Jesus of Nazareth
Jesus of NazarethFor 16 years I played Jesus in a touring stage ministry. I did it in churches, in synagogues, in community centers, in theaters. I did it indoors and outdoors. I did it for 2,000 people and I did it for 20. I did it for them and, truth be told, I did it for me. About 1,200 performances between 1994 and 2010 (I stopped counting after passing 1,000.)
Why would a sane man do this?
When a man is in love, he’s not quite sane. I’ve been in love with Jesus since I first saw him wander across the felt boards of my distant Sunday School youth. I remember wondering, once I was old enough to read his story for myself, “How can preachers make him so boring?”
Jesus Of Nazareth was born of a perhaps quixotic quest: to recreate the teaching presence of Jesus and to restore that freshness of discourse that so startled his original listeners. With a little press release and a lot of make-up, I tried. I said what he said.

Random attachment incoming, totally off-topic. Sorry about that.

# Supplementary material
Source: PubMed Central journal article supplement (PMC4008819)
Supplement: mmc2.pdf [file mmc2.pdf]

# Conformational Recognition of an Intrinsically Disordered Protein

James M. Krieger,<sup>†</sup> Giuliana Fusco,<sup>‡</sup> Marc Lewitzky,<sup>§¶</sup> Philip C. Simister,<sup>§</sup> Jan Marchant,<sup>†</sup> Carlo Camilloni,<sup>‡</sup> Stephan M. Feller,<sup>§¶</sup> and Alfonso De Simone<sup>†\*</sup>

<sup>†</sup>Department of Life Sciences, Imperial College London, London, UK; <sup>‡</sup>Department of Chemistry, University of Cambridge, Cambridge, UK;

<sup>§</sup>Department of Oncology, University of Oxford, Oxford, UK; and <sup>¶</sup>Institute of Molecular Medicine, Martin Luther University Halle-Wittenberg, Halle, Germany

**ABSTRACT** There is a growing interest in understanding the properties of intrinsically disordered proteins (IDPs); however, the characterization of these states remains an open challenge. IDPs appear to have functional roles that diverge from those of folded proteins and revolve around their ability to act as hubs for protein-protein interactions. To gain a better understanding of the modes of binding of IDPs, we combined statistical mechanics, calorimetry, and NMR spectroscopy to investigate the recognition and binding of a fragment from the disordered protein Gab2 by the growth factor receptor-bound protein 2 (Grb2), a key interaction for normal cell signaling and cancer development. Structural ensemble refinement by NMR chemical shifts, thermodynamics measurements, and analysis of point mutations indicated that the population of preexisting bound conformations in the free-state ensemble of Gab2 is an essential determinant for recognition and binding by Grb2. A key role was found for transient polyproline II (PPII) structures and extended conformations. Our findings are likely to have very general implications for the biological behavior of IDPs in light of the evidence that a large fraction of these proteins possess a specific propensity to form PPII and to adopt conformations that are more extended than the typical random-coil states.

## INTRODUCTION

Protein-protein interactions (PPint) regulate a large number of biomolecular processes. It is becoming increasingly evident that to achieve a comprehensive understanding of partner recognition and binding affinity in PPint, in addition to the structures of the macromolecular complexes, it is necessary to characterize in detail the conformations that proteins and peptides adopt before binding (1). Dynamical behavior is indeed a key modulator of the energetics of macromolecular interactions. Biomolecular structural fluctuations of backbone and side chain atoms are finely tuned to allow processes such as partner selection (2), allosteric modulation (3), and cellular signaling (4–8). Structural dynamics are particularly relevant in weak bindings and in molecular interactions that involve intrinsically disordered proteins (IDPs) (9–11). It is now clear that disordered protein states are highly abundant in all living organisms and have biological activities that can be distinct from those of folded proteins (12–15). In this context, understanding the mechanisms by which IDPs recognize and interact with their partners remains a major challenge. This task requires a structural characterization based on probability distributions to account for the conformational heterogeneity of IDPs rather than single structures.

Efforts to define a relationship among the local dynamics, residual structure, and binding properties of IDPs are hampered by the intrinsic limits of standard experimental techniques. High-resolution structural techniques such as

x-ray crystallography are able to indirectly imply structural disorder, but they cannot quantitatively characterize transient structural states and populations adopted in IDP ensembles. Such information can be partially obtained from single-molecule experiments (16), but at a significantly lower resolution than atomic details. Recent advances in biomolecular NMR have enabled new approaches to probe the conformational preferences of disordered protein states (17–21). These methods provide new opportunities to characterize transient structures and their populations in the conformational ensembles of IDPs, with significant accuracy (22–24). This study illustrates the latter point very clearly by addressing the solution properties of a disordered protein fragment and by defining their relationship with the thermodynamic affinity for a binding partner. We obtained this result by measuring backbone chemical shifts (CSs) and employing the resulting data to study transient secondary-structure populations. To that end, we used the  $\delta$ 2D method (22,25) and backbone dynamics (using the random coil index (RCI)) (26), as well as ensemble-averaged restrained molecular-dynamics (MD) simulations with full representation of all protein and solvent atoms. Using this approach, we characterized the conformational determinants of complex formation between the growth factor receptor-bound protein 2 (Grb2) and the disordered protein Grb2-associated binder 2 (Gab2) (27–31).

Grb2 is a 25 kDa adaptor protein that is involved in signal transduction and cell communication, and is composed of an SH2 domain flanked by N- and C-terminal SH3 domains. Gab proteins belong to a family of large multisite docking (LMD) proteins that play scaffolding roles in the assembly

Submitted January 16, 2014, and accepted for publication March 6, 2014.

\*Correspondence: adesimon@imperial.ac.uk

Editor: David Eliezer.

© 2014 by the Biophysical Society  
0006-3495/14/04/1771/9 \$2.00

Looking back, I see that I was preaching to myself in the presence of a multitude. Playing Jesus is like that. Staring into the eyes of thousands of strangers, I’d see them look past me – up, up, up, to where ascension might be glimpsed and redemption might be gained. I was hardly there.
An editor of the old monthly LIFE magazine, hearing of this strange endeavor, asked me to provide a quote for a special issue. It later appeared in the book Who Do You Say That I Am? This is what I wrote:
“Jesus is the most durable and resilient figure in history. Whether debated or marginalized, adored or detested – Jesus remains untouched, whispering across the centuries his ridiculous, illogical, heart-rending mantra of reconciliation. Attempts to contain him in creeds or liturgy invariably fail, as they must. Jesus remains, independent of our attempts to interpret or tame him. Had he not existed, I doubt we would have had the guts to imagine Him.”
Or, to put it less poetically but more precisely, in the words of a gloriously gruff old man who waited to speak to me after a performance (a man who, as the astounded pastor noted, had not darkened the doors in a decade):
“I don’t give a damn for religion, but Jesus is alright.”
Bill Oberst Jr.
Los Angeles, 2015